12 Jan - En route to South Georgia
Date: Sunday 12 January 2002
Position @ 1200 (UTC -3): 54° 29'S 035° 06'W - en route to South Georgia
Next destination: King Edward Point and Bird Island, South Georgia
ETA: Sunday 13th January, 1500 local
Distance to go: 43.0 NM
Total Distance Sailed this Season: 12812.7 NM
Current Weather: Overcast and grey. Foggy with 1 NM visibility
Wind: WNW x 10 kts
Barometric pressure: 995.8 mb
Sea state: Slight seas
Air temperature: 3.6°C.
Sea temperature: 1.9°C.
Click here for ships track
And What Did Santa Bring You This Year, Little Boy???
With a Halley Relief to account for, space enough has not been set aside to report on Christmas gifts received onboard. Indeed, for the crew and Fids on the Shackleton, Christmas down South is a very 'uneventful event' possibly due to the vast amount of distance between Santa in the North Pole and the ship in the South. But here is a heartwarming story of one unexpected christmas gift that materialised this December! Happy Christmas!
After the demise of the 'Vietnamese Flyer' a while ago in the North Sea Period, (see diary 14, Aug 2001), Sparky Steve (ETO Comms) was in need of a replacement bicycle. Having a 'spare' at home, Steve ensured that it was onboard the Shackleton before she set sail from England in October! It is a blue ladies racing cycle, but it's a cycle nevertheless!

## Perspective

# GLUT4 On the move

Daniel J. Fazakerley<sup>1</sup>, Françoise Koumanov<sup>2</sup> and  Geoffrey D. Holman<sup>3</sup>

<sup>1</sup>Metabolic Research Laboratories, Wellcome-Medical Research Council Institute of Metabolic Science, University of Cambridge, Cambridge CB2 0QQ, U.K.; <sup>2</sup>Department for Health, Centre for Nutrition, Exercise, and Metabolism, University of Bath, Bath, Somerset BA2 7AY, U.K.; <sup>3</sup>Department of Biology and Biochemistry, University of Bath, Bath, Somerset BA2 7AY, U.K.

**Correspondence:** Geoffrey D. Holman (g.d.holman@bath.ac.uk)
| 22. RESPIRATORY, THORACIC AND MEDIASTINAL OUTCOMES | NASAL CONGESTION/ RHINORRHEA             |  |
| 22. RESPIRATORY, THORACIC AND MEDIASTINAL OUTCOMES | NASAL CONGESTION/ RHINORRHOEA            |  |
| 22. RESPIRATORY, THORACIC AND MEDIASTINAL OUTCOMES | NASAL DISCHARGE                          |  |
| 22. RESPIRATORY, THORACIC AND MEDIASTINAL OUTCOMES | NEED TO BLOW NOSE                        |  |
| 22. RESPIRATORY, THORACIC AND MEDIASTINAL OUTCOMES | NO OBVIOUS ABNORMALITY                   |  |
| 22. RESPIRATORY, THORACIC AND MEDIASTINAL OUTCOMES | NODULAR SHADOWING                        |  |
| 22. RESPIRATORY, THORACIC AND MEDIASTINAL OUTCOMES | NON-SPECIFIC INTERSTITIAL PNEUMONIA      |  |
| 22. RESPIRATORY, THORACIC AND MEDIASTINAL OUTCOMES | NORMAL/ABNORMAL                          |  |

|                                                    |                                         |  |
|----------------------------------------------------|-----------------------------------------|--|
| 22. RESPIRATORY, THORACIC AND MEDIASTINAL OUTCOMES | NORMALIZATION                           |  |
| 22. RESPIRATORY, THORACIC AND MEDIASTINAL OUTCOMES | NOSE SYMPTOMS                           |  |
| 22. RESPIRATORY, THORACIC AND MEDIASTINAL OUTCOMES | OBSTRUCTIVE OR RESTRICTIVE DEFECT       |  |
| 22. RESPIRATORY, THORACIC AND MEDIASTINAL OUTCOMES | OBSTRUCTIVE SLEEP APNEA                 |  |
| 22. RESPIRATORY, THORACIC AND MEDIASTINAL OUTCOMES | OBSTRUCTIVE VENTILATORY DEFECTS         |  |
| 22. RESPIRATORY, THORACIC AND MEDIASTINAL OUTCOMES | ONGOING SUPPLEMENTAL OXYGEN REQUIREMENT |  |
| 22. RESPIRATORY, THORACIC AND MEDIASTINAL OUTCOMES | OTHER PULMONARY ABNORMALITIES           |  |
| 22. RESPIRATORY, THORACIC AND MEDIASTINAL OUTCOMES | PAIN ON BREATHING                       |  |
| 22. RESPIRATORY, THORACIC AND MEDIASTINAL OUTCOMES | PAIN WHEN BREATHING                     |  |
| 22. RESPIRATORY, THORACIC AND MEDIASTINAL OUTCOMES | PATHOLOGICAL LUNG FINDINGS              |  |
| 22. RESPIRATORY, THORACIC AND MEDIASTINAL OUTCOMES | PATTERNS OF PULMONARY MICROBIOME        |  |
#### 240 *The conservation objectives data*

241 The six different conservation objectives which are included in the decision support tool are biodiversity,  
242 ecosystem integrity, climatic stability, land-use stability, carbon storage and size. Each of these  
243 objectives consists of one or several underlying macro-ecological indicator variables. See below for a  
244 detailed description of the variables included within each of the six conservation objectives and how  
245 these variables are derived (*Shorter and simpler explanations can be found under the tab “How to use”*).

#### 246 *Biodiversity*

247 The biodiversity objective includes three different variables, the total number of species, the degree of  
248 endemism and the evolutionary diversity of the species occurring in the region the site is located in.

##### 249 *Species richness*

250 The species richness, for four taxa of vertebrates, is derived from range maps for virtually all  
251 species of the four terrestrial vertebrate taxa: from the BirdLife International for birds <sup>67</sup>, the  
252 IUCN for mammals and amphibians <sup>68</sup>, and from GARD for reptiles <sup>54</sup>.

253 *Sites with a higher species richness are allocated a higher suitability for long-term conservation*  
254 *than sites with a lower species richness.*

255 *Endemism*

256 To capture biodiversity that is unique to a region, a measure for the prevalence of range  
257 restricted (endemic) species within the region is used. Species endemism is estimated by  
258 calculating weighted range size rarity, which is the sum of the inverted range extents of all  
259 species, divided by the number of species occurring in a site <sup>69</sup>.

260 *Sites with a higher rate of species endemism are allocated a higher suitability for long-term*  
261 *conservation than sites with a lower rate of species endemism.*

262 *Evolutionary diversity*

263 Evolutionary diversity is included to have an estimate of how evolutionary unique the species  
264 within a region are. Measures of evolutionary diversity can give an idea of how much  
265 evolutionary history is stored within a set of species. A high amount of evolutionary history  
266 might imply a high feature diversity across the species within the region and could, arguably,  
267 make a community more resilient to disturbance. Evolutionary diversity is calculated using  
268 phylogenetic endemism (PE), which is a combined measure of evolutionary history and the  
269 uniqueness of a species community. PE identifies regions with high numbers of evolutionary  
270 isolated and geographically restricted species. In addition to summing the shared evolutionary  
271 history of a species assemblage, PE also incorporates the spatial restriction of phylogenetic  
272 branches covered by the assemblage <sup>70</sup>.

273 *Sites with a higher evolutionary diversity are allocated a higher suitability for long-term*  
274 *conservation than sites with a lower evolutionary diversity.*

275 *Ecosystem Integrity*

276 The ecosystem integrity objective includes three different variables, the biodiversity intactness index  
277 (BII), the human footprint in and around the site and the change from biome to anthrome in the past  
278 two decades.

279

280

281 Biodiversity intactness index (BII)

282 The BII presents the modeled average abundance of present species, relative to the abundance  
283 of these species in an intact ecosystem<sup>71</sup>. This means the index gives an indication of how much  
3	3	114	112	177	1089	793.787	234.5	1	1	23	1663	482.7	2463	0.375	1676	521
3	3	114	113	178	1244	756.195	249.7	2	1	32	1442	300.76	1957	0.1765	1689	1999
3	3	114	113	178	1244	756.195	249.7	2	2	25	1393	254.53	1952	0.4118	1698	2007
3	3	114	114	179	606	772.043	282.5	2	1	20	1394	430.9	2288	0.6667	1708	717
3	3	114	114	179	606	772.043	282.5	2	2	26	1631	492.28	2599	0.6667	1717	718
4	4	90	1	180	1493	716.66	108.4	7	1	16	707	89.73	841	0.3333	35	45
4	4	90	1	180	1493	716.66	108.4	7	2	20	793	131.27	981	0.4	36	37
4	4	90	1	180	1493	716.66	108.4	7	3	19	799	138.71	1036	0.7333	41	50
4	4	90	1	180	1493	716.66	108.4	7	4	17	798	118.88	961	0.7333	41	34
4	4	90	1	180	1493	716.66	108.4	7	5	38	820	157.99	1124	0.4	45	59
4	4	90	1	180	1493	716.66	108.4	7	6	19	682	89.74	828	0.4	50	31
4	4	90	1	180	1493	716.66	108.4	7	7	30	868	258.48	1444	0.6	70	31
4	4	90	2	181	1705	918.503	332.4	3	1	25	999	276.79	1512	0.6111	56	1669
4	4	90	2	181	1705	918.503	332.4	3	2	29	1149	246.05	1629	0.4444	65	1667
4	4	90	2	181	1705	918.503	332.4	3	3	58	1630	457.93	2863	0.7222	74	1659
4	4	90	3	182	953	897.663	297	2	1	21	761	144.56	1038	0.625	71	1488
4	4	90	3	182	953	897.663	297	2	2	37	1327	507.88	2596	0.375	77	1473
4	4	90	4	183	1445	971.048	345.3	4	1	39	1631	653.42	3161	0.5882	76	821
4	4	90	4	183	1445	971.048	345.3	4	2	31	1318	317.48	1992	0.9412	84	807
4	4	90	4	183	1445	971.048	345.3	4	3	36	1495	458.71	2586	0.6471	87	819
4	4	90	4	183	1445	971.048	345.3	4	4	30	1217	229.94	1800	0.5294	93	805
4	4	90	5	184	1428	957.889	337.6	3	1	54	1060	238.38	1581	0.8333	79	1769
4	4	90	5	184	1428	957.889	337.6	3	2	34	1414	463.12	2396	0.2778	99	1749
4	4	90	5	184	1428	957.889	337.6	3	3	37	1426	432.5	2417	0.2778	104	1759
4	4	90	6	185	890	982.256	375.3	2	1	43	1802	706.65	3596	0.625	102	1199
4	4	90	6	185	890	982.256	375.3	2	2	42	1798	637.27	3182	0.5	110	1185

The last thing on his Christmas Shopping List, was a new bike as a result, but Sparky Steve received a gift all the way from the Workshops of the North Pole on Christamas morning. Judge the surprise on the face of the ETO when he found a DHL package on the bridge from Santa, who was unable to make the journey all the way from The North Pole himself!
Inside the long cylindrical package, was a bubble-wrapped implement and a covering letter which reads :-
THE TOY EMPORIUM
Dear Mr Buxton,
Back to the issue of the girl's bike - delivered, we believe last December 25th. Please find enclosed one cross-bar conversion kit (delivered free of charge) in, what we are told, is your favourite colour (blush pink). Should you experience any problems in fitting this accessory, then please seek the assistance of a fully qualified engineer.
Hoping that this unfortunate error has not affected your life too dramatically.